Ahmad, a farmer in the Himalayan state of Kashmir, says he grows cannabis because irrigation in the area is not good.
"I can’t use my land to grow rice like farmers in the neighbouring villages do," he complains.
However, Ahmad’s pleas have fallen on deaf ears.
He and numerous other farmers like him in the states of Kashmir, Himachal Pradesh, Uttranchal, and Arunchal Pradesh in the northeast have been the targets of a major anti-drug drive in which thousands of hectares of cannabis and poppy crops have been destroyed. The poppy blossom is used to make opium.
Statistics provided by the India’s narcotics department suggest that narcotic crops such as the hemp, poppy and cannabis worth $55 million have already been flattened, and the campaign goes on, despite the complaints of villagers who claim to have lost their only source of livelihood.
Officials in Srinagar, capital of the Indian-administered part of Kashmir, say that every year thousands of kilograms of charas (hashish) are smuggled out of the valley to the Indian plains particularly Maharashtra and Goa in the southwest.
The assistant commissioner of the Customs Department, Verendra Prabhakar, said the cannabis crop destroyed during the first phase of the campaign would have yielded 42,335kg of the drug.
Kashmiri officials say that every year thousands of kilograms of charas (hashish) are smuggled out of the valley to the Indian plains.
Prabhakar’s staff worked day and night to destroy the narcotic crops spread over an area of 682 hectares in about a dozen villages of southern Ananatnag and Pulwama districts.
The soldiers of India’s counter-insurgency Rashtriya Rifles and paramilitary and police forces were on hand to ensure workers were not attacked during the 11-day campaign.
Prior to launching the campaign, Prabhakar said the southern part of Kashmir was the main source of narcotic production in the disputed Himalayan state.
He said 24 villages were identified where cannabis was being cultivated over some 2500 hectares of land in an organised fashion.
“We’re determined to destroy the entire narcotic crop, come what may,” he said.
Bulldozers were deployed to destroy the crops while gun-wielding soldiers stood guard at a distance. The authorities had anticipated resistance from villagers with vested interests in the crops but, in the event, none materialised.
Villager Abd al-Karim Kawa, on his way to a mosque to offer Friday prayers said, "I’m quite happy." He added that cannabis and other narcotic crops cultivation was, no doubt, unlawful but "we as Muslim have to see that Islam has rejected such an activity as a 'big sin'."
Drug smugglers keep paramilitary
Kawa also spoke of the impact of drugs on the local community.
“Many of our young boys have become drug addicts, and this has ruined their lives.” The villager said cannabis cultivation could not be discouraged in the past mainly because of the questionable behaviour of the local police.
“They accept bribes and turn a blind eye to this menace,” said Kawa. Another villager said the police receive a ‘’commission’’ from the cannabis cultivators; hence more and more land has been brought under cultivation.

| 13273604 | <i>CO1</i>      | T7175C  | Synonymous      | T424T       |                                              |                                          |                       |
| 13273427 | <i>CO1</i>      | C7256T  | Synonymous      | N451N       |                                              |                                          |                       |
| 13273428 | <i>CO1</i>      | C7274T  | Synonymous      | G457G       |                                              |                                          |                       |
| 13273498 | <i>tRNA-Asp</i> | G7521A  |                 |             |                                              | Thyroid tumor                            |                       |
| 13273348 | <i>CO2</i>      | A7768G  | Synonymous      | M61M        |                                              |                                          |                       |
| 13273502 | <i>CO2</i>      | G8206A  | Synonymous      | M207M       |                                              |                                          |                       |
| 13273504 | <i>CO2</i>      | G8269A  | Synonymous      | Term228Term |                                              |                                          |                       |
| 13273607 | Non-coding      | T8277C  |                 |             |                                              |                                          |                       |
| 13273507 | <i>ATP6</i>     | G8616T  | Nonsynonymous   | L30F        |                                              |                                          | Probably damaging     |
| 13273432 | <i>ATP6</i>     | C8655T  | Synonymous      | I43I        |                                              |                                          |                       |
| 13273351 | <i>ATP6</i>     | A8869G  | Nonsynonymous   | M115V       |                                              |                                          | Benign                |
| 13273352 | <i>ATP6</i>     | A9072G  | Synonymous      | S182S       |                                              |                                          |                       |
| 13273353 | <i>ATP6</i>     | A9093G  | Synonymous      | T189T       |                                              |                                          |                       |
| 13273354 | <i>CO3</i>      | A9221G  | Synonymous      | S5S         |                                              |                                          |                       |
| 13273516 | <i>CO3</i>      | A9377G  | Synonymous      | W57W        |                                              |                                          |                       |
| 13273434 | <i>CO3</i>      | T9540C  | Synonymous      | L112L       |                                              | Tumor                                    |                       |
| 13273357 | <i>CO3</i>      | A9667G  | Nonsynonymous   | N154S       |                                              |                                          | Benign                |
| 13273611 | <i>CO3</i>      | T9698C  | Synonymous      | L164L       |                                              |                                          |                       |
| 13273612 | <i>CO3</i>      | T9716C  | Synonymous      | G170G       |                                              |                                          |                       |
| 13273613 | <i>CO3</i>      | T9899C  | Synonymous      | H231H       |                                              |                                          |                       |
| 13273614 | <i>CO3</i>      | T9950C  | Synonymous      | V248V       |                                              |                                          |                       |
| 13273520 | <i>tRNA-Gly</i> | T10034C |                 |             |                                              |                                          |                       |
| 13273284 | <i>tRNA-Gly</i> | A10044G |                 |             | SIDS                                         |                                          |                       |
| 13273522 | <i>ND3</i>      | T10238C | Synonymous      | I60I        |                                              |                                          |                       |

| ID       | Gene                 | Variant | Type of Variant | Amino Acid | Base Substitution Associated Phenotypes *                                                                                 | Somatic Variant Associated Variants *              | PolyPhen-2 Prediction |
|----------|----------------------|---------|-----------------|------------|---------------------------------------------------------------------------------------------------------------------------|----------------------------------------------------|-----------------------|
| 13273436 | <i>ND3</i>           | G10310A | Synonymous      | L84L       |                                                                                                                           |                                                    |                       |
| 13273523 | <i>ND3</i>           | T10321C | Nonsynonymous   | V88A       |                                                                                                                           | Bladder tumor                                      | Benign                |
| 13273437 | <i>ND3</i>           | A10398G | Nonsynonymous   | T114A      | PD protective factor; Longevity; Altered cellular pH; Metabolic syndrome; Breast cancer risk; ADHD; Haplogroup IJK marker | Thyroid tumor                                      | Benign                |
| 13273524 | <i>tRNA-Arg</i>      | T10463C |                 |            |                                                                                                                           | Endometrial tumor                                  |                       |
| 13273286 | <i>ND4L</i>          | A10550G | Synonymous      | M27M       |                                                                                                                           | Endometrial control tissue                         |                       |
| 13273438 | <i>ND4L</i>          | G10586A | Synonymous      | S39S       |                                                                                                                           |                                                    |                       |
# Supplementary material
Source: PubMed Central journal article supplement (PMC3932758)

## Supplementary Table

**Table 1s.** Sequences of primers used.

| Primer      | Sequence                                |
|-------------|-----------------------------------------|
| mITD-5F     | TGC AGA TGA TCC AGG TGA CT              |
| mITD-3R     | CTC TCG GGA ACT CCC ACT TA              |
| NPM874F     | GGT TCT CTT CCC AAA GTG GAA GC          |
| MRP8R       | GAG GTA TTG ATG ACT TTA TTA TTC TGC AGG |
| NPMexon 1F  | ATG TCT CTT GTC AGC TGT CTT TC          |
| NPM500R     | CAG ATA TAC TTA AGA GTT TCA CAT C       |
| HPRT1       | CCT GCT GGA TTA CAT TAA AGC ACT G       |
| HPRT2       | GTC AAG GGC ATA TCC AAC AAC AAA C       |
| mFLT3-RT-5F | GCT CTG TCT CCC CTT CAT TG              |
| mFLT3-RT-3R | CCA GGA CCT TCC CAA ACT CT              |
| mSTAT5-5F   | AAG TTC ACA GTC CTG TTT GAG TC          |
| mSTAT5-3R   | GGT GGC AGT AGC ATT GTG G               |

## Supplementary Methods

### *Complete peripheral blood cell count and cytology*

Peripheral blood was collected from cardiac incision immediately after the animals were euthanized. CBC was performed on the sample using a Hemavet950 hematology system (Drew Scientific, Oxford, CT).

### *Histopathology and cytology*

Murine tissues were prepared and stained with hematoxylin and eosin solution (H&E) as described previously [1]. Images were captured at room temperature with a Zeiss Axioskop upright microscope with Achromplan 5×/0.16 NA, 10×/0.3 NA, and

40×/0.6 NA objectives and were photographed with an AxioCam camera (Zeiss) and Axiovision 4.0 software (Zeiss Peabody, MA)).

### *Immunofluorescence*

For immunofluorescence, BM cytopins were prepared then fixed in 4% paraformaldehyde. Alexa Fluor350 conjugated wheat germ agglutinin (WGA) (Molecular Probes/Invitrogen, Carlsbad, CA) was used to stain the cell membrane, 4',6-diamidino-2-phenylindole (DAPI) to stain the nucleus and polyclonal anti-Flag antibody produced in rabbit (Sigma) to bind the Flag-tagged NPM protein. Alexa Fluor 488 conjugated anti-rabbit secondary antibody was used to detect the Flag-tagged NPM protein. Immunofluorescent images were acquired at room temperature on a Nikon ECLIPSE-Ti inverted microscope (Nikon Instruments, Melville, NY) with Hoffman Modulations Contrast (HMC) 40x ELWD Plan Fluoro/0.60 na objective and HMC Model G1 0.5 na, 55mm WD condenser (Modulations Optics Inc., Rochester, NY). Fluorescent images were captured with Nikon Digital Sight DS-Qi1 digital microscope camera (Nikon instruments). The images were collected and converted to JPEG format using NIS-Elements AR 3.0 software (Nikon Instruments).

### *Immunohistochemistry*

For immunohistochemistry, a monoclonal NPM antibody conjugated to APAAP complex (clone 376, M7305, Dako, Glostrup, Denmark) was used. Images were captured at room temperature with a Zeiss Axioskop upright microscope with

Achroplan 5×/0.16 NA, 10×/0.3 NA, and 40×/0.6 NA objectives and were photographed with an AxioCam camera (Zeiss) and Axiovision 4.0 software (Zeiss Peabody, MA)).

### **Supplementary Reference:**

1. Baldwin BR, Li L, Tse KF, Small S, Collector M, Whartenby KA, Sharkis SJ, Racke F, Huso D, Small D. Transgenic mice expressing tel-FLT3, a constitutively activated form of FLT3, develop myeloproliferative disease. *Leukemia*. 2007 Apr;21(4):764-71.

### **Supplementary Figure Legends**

In Maharashtra and neighbouring Goa, quality cannabis is being sold at up to $1750 a kilogram.
“We have authentic reports that the hashish produced in Kashmir is not only sold in markets in Maharashtra, Goa and Gujarat but also sent abroad,” said Prabhakar.
He alleged that the narcotics are smuggled generally packed in apple boxes. In international markets, a kilogram of quality hashish is sold at around $55,000.
Under Indian law, the cultivation of cannabis or any other narcotic crop is prohibited under Section Eight of Narcotic Drugs and Psychotropic Substances Act, 1985 and is punishable with imprisonment for a period ranging from 10 to 20 years and a fine of up to $4500.
For the moment, the villagers cultivating the illegal crops are likely to escape legal action. Officials say there are tens of thousands of people involved in the illicit trade and prosecuting them will not be an easy task. They would like the villagers to be educated on the consequences of their activities.
"We don't have any source of income. It was only through the cultivation of bhang (cannabis) that we earn a livelihood"
Officials in Shimla, the capital of Himachal Pradesh, admit that over the last decade the local economy had been entirely dependent on hashish cultivation.
"We don't have any source of income. It was only through the cultivation of bhang (cannabis) that we earn a livelihood. I want a piece of land where crops can be grown. We hardly have any land in the area. How will we live?" one Budhi Ram was quoted by Indian newspapers recently.
Himachal Pradesh has become the focal point for drug dealers and thousands of foreign tourists are attracted by the easy availability of hashish and opium in capital Shimla and neighbouring valleys and hill resorts.
Alarmed by the situation, the narcotics bureau started monitoring the rampant trade a few years ago and the Customs Department opened up a special station in Kullu to gauge the seriousness of the problem.
The Indian economy has been growing at record rates over the past few years, but it seems, the benefits have yet to reach the people at the foothills of the Himalayas.